29th Mar 2023

EU plans to increase Erasmus grants

  • Spain is still the most popular destination for Erasmus students (Photo: European Commission)

The European Commission is considering giving more money to students participating in the Erasmus student exchange programme, a move expected to increase the number of people taking part in the scheme.

"After a long and steady decline, the average grant rose for the first time to €140 per month of community funding in 2004/2005. And there will be further increases this year," said education commissioner Jan Figel on Thursday (22 June).

Read and decide

Join EUobserver today

Become an expert on Europe

Get instant access to all articles — and 20 years of archives. 14-day free trial.

... or subscribe as a group

At the moment Erasmus students receive an average sum of €160 a month and generally fund their studies with other forms of income such as bank loans.

A commission spokesperson said that Brussels is aiming to gradually increase the grant to €200 a month until 2013, but admitted that it is less than the original sum (€250) that the commission had wanted.

Education was one of the areas that saw money chopped almost by half when member states were negotiating the EU's budget for the next seven years.

The commission has asked for €6 billion for its lifelong learning programme, which includes the Erasmus programme, but it came out with €3.1 billion in the end.

The new increase in grants is expected to be adopted in October.

Although the grant increase is relatively small, the commission is aiming to increase the number of students participating in Erasmus in the coming years.

During the academic year 2004/5, the number of students participating in Erasmus was over 144,000, an increase of 6.2 percent on the previous year.

The commission estimates that if it is to reach its 3 million target by 2012, around 250,000 students would need to be using the programme each year.

Last year Spain remained the most popular destination for students, with 25,551 students going to the country. France and Germany were also popular taking on 20,519 and 17,273 students respectively.

Germany was the preferred destination for teachers participating in the Erasmus exchanges, hosting some 2,623 teachers.

EU-US cooperation agreement

Meanwhile, on Wednesday (21 June) the EU signed a new eight-year education agreement with the US, which like Erasmus encourages student mobility.

The agreement targets the higher education sector and vocational training and aims to have 6,000 citizens from the EU member states and the US participating by 2013.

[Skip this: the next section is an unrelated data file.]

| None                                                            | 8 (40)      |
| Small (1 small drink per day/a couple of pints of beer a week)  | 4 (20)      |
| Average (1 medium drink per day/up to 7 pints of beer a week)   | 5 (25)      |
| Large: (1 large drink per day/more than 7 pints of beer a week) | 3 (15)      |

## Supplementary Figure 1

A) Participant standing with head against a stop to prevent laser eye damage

"[The agreement] will offer our students the opportunity to study on the other side of the Atlantic. Such invaluable experiences contribute greatly to relations between our citizens," said external relations commissioner Benita Ferrero-Waldner.

The agreement also includes the Schumann-Fulbright programme, which provides scholarships to highly qualified professionals to study on the other side of the Atlantic.


Europe doesn't threaten national identity

Europe adds a layer of identity that enriches its citizens. The post-Brexit EU should do more to foster it, through programmes like Erasmus.


Biden's 'democracy summit' poses questions for EU identity

From the perspective of international relations, the EU is a rare bird indeed. Theoretically speaking it cannot even exist. The charter of the United Nations, which underlies the current system of global governance, distinguishes between states and organisations of states.


Turkey's election — the Erdoğan vs Kılıçdaroğlu showdown

Turkey goes to the polls in May for both a new parliament and new president, after incumbent Recep Tayyip Erdoğan decided against a post-earthquake postponement. The parliamentary outcome is easy to predict — the presidential one less so.

Latest News

  1. EU approves 2035 phaseout of polluting cars and vans
  2. New measures to shield the EU against money laundering
  3. What does China really want? Perhaps we could try asking
  4. Dear EU, the science is clear: burning wood for energy is bad
  5. Biden's 'democracy summit' poses questions for EU identity
  6. Finnish elections and Hungary's Nato vote in focus This WEEK
  7. EU's new critical raw materials act could be a recipe for conflict
  8. Okay, alright, AI might be useful after all

Stakeholders' Highlights

  1. EFBWWEFBWW and FIEC do not agree to any exemptions to mandatory prior notifications in construction
  2. Nordic Council of MinistersNordic and Baltic ways to prevent gender-based violence
  3. Nordic Council of MinistersCSW67: Economic gender equality now! Nordic ways to close the pension gap
  4. Nordic Council of MinistersCSW67: Pushing back the push-back - Nordic solutions to online gender-based violence
  5. Nordic Council of MinistersCSW67: The Nordics are ready to push for gender equality
  6. Promote UkraineInvitation to the National Demonstration in solidarity with Ukraine on 25.02.2023

Join EUobserver

Support quality EU news

Join us